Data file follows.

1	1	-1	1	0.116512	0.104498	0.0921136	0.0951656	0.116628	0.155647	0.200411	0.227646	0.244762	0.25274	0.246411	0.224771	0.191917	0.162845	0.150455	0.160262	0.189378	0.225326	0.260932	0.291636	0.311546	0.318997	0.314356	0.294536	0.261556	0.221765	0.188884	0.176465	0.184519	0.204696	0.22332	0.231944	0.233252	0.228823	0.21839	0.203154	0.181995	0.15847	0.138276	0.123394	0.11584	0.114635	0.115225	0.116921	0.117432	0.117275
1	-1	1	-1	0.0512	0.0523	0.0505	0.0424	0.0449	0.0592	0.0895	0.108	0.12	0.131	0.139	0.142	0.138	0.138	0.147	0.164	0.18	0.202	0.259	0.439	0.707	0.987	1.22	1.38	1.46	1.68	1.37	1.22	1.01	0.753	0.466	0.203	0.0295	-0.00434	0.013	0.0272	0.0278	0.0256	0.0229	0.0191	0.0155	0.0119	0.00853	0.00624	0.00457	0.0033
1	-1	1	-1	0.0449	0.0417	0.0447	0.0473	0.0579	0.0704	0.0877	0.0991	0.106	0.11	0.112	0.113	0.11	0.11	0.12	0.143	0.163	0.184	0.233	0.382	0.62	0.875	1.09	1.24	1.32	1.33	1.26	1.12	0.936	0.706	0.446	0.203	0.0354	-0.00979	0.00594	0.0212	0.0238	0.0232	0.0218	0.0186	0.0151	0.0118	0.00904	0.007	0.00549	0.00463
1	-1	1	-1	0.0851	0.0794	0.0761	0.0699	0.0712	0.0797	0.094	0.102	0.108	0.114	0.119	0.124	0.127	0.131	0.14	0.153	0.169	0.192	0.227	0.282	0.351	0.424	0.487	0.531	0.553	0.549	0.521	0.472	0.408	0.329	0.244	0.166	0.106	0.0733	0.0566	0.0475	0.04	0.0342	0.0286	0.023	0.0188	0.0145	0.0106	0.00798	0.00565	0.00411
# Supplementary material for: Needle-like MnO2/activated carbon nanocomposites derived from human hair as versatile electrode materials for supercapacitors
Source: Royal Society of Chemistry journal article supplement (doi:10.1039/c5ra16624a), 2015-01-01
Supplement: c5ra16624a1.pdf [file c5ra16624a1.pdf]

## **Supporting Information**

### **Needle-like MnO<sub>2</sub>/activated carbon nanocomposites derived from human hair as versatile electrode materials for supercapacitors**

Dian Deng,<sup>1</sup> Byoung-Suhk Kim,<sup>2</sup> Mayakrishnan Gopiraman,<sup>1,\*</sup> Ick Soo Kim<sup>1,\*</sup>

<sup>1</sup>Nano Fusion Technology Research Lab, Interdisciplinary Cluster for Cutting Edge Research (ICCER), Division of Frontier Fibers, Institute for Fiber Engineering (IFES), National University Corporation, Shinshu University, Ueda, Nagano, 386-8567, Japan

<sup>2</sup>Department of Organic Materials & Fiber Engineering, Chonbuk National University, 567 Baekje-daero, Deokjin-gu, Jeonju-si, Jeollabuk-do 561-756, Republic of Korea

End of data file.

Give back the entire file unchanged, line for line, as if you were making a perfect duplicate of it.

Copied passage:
1	1	-1	1	0.116512	0.104498	0.0921136	0.0951656	0.116628	0.155647	0.200411	0.227646	0.244762	0.25274	0.246411	0.224771	0.191917	0.162845	0.150455	0.160262	0.189378	0.225326	0.260932	0.291636	0.311546	0.318997	0.314356	0.294536	0.261556	0.221765	0.188884	0.176465	0.184519	0.204696	0.22332	0.231944	0.233252	0.228823	0.21839	0.203154	0.181995	0.15847	0.138276	0.123394	0.11584	0.114635	0.115225	0.116921	0.117432	0.117275
1	-1	1	-1	0.0512	0.0523	0.0505	0.0424	0.0449	0.0592	0.0895	0.108	0.12	0.131	0.139	0.142	0.138	0.138	0.147	0.164	0.18	0.202	0.259	0.439	0.707	0.987	1.22	1.38	1.46	1.68	1.37	1.22	1.01	0.753	0.466	0.203	0.0295	-0.00434	0.013	0.0272	0.0278	0.0256	0.0229	0.0191	0.0155	0.0119	0.00853	0.00624	0.00457	0.0033
1	-1	1	-1	0.0449	0.0417	0.0447	0.0473	0.0579	0.0704	0.0877	0.0991	0.106	0.11	0.112	0.113	0.11	0.11	0.12	0.143	0.163	0.184	0.233	0.382	0.62	0.875	1.09	1.24	1.32	1.33	1.26	1.12	0.936	0.706	0.446	0.203	0.0354	-0.00979	0.00594	0.0212	0.0238	0.0232	0.0218	0.0186	0.0151	0.0118	0.00904	0.007	0.00549	0.00463
1	-1	1	-1	0.0851	0.0794	0.0761	0.0699	0.0712	0.0797	0.094	0.102	0.108	0.114	0.119	0.124	0.127	0.131	0.14	0.153	0.169	0.192	0.227	0.282	0.351	0.424	0.487	0.531	0.553	0.549	0.521	0.472	0.408	0.329	0.244	0.166	0.106	0.0733	0.0566	0.0475	0.04	0.0342	0.0286	0.023	0.0188	0.0145	0.0106	0.00798	0.00565	0.00411
# Supplementary material for: Needle-like MnO2/activated carbon nanocomposites derived from human hair as versatile electrode materials for supercapacitors
Source: Royal Society of Chemistry journal article supplement (doi:10.1039/c5ra16624a), 2015-01-01
Supplement: c5ra16624a1.pdf [file c5ra16624a1.pdf]

## **Supporting Information**

### **Needle-like MnO<sub>2</sub>/activated carbon nanocomposites derived from human hair as versatile electrode materials for supercapacitors**

Dian Deng,<sup>1</sup> Byoung-Suhk Kim,<sup>2</sup> Mayakrishnan Gopiraman,<sup>1,\*</sup> Ick Soo Kim<sup>1,\*</sup>

<sup>1</sup>Nano Fusion Technology Research Lab, Interdisciplinary Cluster for Cutting Edge Research (ICCER), Division of Frontier Fibers, Institute for Fiber Engineering (IFES), National University Corporation, Shinshu University, Ueda, Nagano, 386-8567, Japan

<sup>2</sup>Department of Organic Materials & Fiber Engineering, Chonbuk National University, 567 Baekje-daero, Deokjin-gu, Jeonju-si, Jeollabuk-do 561-756, Republic of Korea